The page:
April 20, 2007
For those thinking Bernanke & the Fed won't let housing crash, guess you don't remember the NASDAQ crash or WIN either huh?
It is NOT the Fed's role to protect asset prices. It's the Fed's role to fight against inflation. Even the incompetent Alan Greenspan, Mr. Bubble himself, telegraphed how this latest bubble would end, and I think with the Alt-A and Subprime meltdowns we're now at the "investor caution" stage:
Rising house and stock prices have made many people feel more wealthy and have helped to support consumer spending, a key ingredient of the economy's good health.
Greenspan, however, said people shouldn't count on that paper wealth, which can evaporate if economic conditions deteriorate rapidly.
"What they perceive as newly abundant liquidity can readily disappear," he said. "Any onset of increased investor caution" could cause home and stock prices to drop, he noted.
A long spell of low interest rates and low risks for investors has especially encouraged investment in homes. Greenspan worried about what would happen if that climate were to change.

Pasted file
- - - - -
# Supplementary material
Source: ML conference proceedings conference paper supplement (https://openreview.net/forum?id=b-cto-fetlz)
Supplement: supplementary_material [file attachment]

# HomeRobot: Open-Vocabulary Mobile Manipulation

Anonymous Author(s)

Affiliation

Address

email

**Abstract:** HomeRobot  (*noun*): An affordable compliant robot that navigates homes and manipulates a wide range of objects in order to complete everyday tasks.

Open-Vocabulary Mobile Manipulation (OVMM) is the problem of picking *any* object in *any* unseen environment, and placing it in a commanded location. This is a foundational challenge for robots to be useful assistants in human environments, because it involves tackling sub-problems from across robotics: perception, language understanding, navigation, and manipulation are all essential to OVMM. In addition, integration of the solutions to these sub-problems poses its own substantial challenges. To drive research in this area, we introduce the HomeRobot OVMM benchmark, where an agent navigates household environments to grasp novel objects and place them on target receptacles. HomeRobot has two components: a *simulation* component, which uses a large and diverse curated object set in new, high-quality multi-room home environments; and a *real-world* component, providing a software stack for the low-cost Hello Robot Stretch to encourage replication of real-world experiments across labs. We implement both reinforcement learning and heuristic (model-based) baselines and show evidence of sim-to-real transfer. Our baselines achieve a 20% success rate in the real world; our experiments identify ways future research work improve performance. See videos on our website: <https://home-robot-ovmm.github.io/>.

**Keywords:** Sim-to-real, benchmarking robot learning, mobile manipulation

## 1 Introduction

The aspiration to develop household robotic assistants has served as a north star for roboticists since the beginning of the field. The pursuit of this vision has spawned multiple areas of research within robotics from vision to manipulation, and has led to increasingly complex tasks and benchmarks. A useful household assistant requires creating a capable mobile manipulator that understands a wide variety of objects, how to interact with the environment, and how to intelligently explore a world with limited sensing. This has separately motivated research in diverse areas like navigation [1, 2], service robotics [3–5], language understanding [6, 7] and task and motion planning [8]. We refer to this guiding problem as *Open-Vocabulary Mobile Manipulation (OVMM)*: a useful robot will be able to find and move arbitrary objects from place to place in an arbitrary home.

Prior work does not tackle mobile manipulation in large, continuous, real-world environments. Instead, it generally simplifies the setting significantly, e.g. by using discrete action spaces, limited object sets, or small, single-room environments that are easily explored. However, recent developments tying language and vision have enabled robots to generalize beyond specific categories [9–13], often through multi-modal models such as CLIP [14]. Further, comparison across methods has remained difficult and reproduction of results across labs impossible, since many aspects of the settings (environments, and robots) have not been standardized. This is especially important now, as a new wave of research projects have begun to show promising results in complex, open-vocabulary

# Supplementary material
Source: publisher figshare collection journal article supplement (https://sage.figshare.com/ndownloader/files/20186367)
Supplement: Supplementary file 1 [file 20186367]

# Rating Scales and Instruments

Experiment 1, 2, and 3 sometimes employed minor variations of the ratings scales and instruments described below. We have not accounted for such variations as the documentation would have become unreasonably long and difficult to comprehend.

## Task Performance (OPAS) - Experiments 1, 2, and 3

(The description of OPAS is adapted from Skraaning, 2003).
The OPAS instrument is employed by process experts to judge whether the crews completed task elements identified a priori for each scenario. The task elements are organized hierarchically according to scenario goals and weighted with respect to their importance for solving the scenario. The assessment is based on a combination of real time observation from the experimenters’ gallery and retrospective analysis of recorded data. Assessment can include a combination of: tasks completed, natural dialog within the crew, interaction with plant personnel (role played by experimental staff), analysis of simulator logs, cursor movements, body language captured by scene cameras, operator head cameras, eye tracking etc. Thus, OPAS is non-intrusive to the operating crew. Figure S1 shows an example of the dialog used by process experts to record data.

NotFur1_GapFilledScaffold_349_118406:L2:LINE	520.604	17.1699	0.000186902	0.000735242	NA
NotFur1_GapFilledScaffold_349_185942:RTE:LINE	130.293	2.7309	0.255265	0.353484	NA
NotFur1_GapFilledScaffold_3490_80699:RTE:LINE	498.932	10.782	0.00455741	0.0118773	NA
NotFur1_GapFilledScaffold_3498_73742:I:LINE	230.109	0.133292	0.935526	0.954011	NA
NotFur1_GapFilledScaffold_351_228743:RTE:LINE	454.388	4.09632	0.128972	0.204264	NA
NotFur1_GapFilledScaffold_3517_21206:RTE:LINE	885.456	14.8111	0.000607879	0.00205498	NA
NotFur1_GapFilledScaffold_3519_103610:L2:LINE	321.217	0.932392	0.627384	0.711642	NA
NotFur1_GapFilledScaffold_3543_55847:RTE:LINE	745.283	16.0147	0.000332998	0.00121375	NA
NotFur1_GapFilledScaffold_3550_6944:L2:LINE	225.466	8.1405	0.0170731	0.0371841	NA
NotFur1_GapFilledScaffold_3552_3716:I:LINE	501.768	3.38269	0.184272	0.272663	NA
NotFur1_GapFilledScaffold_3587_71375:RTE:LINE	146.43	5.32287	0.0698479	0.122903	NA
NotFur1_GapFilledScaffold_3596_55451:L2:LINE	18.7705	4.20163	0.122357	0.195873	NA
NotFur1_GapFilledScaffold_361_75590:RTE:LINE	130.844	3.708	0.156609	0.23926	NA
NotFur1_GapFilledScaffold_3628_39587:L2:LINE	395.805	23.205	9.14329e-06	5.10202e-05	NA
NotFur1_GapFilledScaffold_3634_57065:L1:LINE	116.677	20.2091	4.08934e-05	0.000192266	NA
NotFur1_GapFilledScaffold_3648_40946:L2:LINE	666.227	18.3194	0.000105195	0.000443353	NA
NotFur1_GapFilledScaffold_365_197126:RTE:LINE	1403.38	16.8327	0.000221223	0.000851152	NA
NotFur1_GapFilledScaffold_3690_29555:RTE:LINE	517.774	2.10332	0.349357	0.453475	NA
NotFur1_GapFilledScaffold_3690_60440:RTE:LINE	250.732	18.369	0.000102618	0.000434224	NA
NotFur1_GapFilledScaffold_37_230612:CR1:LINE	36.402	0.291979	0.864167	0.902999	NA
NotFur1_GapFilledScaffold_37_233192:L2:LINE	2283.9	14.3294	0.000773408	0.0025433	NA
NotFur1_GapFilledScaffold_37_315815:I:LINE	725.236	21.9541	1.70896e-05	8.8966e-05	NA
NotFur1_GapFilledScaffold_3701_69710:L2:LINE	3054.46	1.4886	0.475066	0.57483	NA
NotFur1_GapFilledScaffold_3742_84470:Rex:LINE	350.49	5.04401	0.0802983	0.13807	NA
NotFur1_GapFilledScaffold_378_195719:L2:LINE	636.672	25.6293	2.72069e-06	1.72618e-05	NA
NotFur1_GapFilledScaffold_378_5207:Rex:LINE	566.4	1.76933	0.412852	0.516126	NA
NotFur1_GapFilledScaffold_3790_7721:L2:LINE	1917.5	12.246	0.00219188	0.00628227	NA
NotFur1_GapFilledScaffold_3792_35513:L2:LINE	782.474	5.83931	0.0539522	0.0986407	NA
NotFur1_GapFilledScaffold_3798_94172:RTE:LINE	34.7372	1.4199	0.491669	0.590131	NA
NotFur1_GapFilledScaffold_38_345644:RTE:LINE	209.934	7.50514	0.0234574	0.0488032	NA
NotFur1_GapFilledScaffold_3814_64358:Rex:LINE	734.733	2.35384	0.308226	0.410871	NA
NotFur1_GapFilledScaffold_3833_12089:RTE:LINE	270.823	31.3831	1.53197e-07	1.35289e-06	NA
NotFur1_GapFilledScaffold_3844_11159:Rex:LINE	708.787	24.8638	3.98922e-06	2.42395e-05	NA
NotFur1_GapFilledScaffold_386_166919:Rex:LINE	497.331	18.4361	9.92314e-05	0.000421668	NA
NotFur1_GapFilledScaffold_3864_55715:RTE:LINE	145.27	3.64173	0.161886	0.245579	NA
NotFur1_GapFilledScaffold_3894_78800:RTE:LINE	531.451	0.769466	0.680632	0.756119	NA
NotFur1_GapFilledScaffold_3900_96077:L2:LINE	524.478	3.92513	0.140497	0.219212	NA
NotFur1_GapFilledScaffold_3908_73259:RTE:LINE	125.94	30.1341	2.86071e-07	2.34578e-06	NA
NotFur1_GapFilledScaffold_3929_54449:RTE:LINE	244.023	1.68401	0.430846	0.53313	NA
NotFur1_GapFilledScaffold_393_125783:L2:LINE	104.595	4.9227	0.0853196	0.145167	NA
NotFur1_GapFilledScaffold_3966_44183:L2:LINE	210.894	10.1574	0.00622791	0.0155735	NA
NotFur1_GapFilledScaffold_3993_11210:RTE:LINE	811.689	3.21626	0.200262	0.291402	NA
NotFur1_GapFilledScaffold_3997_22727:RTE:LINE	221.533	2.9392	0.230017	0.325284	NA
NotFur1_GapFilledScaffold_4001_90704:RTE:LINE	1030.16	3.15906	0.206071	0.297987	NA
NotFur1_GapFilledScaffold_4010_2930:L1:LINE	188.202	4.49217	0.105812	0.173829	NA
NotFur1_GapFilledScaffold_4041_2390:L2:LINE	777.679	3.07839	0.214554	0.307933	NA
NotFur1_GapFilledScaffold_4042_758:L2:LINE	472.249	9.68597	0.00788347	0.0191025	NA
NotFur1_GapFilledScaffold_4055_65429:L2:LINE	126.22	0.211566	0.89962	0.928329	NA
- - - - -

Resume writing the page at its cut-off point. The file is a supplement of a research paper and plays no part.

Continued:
"History has not dealt kindly with the aftermath of protracted periods of low-risk premiums," he said.
And this on the Fed's conundrum to move up or down:
Notes from the Federal Reserve rate-setting committee’s late-March discussions, released last week, highlighted that inflation is its biggest concern and that it is leaning toward interest rate increases to curb it, but it may have other cards up its sleeve.
“The committee agreed that further policy firming might prove necessary to foster lower inflation, but in light of the increased uncertainty about the outlook for both growth and inflation, the committee also agreed that the statement should no longer cite only the possibility of further firming.”
Those nebulous comments may dredge up uncomfortable memories of the tenure of Fed chairman Paul Volcker (1979 to 1987), when he chose to curb the nation’s stagflation—characterized by high rates of both inflation and unemployment—by limiting the growth of the money supply and allowing interest rates to rise. That caused a recession in the early 1980s and unemployment levels second only to those of the Great Depression.